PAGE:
Steps in the Federal Criminal Process
In this section, you will learn mostly about how the criminal process works in the federal system. Each state has its own court system and set of rules for handling criminal cases. Here are a few examples of differences between the state and federal criminal processes:
- Titles of people involved – State cases are brought by prosecutors or district attorneys; federal cases are brought by United States Attorneys. State court trial judges have a range of titles, but federal judges are called district court judges.
- Federal magistrate judges are used in federal cases to hear initial matters (such as pre-trial motions), but they do not usually decide cases.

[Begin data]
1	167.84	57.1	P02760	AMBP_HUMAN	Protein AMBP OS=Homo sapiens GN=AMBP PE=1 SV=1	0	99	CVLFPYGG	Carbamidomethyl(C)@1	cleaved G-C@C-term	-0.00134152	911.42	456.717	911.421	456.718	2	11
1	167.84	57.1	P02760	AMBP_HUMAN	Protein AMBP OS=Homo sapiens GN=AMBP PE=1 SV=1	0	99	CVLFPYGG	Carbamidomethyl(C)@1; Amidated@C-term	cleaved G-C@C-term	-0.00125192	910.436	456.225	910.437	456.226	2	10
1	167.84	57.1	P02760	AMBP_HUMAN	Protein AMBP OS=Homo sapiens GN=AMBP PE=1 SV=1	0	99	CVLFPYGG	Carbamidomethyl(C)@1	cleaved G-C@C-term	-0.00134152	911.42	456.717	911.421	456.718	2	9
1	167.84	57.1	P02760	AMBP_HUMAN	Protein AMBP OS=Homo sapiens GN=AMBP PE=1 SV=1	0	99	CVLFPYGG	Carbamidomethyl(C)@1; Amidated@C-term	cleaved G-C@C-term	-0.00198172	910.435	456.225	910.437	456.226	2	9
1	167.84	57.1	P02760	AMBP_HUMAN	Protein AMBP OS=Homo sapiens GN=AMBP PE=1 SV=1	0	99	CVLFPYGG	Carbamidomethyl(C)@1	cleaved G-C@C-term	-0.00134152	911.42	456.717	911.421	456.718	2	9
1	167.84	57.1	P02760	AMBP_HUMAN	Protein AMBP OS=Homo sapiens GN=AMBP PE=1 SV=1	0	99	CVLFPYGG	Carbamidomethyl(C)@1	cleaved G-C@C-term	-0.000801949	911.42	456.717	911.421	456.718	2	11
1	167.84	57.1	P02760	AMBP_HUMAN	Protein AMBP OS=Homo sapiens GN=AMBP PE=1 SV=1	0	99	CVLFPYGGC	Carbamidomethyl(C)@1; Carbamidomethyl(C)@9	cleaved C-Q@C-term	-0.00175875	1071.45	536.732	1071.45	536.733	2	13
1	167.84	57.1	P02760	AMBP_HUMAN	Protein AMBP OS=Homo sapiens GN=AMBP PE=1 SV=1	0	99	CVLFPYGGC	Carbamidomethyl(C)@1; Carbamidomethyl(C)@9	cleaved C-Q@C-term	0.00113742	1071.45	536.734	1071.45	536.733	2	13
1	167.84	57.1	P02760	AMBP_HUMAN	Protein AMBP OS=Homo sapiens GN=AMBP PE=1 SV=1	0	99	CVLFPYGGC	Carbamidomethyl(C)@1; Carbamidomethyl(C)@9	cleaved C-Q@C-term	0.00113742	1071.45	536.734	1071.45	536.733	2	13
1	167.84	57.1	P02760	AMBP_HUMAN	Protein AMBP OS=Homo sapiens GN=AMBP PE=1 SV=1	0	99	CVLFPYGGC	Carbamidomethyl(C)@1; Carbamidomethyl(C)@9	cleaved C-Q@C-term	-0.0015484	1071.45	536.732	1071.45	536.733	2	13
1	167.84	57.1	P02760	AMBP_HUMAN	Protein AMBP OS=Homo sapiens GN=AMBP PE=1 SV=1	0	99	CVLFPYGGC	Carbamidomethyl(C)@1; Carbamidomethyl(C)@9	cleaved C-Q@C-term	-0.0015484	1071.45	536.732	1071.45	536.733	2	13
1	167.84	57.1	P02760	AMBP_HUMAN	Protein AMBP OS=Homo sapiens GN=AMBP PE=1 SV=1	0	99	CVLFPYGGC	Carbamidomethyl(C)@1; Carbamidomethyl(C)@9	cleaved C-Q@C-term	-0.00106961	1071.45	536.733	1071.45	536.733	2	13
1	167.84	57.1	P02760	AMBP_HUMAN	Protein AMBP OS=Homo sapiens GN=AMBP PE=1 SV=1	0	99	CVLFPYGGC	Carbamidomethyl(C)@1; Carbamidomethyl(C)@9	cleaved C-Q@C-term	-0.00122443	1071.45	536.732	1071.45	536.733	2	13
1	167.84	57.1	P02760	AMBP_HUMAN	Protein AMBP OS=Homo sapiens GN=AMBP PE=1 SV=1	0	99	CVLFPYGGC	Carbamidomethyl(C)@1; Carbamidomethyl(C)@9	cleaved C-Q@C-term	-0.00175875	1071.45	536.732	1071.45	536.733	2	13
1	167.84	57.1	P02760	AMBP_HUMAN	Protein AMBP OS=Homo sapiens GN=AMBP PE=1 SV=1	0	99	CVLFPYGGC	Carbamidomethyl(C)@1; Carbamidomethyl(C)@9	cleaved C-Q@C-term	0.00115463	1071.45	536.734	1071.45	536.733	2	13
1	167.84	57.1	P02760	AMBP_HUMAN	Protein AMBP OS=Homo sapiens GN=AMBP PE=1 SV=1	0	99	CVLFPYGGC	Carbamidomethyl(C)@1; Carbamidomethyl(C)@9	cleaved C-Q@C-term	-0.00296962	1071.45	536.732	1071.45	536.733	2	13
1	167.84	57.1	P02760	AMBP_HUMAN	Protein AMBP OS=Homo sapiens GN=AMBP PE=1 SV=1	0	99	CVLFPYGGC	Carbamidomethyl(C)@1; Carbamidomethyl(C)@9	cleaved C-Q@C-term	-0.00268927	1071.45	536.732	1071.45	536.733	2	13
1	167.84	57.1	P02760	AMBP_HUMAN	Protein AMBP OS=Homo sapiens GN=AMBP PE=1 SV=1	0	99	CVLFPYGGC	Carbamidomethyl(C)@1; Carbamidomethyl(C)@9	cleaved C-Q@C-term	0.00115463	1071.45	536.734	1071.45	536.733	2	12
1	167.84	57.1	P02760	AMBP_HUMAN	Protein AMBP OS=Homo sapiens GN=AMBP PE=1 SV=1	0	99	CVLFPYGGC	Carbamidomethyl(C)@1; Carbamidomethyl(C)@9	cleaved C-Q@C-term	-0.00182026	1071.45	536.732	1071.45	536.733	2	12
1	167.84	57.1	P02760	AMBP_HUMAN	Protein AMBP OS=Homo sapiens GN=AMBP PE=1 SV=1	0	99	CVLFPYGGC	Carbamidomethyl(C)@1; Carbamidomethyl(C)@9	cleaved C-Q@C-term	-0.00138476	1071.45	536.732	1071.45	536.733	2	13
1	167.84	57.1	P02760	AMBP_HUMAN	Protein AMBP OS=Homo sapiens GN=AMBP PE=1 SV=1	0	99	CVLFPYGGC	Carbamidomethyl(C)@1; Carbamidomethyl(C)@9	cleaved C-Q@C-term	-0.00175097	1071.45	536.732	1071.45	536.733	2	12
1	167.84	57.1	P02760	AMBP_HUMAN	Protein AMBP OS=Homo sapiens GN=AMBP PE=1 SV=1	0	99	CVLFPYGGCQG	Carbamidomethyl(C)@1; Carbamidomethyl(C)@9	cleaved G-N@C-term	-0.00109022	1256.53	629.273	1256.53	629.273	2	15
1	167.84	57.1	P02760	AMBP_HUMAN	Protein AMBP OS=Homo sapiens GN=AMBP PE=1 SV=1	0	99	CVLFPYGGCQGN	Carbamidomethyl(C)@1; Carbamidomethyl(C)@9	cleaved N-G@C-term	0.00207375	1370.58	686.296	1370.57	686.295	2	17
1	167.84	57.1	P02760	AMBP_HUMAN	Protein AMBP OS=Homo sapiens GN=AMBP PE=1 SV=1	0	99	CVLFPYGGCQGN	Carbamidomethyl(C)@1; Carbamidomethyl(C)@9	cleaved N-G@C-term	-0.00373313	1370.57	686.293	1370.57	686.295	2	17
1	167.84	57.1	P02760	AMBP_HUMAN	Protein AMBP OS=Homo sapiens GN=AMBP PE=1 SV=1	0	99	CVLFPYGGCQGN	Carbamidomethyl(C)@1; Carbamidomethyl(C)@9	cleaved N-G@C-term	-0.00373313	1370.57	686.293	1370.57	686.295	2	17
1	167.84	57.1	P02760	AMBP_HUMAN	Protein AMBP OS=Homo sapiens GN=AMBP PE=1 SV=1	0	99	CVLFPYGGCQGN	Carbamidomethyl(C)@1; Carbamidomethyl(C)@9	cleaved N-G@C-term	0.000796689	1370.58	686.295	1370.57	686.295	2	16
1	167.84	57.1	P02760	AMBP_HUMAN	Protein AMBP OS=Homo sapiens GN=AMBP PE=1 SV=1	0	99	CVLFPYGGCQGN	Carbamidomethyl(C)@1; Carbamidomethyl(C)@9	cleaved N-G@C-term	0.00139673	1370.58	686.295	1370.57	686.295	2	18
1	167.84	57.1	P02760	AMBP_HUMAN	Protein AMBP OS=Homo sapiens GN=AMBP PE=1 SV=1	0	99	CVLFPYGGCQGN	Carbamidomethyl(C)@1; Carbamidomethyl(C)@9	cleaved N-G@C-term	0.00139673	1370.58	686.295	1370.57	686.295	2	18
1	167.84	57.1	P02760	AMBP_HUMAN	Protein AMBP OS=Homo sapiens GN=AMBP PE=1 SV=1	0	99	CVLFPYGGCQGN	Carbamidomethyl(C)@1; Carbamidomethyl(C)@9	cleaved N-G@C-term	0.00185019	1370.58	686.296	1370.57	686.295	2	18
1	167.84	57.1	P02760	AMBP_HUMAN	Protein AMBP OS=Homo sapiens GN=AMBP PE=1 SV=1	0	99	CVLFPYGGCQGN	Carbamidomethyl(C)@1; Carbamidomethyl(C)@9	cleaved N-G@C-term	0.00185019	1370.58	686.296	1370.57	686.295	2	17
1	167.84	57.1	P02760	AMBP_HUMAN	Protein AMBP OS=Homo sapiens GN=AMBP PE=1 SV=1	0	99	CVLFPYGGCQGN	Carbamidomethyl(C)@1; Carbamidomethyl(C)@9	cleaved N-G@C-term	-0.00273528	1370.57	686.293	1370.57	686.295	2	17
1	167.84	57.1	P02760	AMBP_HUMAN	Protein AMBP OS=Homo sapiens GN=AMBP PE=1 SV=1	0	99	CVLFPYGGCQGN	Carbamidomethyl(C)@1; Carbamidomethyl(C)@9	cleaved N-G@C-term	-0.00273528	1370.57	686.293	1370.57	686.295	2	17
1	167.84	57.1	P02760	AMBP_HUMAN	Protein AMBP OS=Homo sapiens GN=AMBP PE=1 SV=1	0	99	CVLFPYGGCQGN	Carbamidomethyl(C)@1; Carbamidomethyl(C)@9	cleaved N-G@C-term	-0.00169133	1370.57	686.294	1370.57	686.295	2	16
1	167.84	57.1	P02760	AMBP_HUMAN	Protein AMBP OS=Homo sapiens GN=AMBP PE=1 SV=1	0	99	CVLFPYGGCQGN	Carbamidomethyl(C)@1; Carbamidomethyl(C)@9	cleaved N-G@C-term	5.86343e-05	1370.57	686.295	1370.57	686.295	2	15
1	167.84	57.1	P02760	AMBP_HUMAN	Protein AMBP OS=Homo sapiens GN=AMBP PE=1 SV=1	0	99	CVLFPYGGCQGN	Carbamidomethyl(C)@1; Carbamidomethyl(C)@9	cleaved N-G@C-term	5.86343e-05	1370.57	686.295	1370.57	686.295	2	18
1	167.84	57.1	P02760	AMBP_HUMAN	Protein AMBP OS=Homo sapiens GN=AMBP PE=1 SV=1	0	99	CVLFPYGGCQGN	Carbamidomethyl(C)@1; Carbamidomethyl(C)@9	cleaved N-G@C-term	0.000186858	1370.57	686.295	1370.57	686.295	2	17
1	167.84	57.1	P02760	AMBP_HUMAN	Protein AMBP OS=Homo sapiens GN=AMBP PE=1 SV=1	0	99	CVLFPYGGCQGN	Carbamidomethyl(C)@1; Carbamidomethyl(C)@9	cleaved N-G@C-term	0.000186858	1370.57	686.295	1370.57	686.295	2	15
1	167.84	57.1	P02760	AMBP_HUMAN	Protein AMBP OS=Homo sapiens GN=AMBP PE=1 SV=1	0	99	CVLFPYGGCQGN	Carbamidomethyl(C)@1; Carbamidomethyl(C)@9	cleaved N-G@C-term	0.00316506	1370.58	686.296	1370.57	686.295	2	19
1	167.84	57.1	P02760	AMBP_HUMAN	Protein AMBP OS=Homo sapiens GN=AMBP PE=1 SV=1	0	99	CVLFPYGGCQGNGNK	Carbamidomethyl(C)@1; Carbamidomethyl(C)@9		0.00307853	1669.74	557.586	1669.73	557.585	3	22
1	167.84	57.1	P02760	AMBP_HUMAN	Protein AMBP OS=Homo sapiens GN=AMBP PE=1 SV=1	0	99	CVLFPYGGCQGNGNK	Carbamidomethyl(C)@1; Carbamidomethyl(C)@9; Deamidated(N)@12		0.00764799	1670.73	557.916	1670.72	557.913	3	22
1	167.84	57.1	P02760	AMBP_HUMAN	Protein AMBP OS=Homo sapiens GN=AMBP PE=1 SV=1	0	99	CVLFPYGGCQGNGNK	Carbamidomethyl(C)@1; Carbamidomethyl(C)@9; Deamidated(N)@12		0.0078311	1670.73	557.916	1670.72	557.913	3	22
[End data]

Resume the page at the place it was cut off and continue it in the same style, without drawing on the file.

- The use of grand juries to charge defendants is not required by all states, but it is a requirement in federal felony cases unless the defendant waives the grand jury indictment.
- States and the federal government have laws making certain acts illegal, and each jurisdiction is responsible for setting punishments for committing those crimes. A state may punish a certain crime more harshly than the federal government (or vice versa), but a defendant can be charged and convicted under both systems.
The federal rules for criminal cases can be found in the Federal Rules of Criminal Procedure, which govern all aspects of criminal trials. Each state has its own similar rules.
The steps you will find here are not exhaustive. Some cases will be much simpler, and others will include many more steps. Please be sure to consult an attorney to better understand how (or if) the information presented here applies to your case.
Important steps in the federal criminal process:
- Initial Hearing/Arraignment
- Plea Bargaining
- Preliminary Hearing
- Pre-Trial Motions
- Post-Trial Motions
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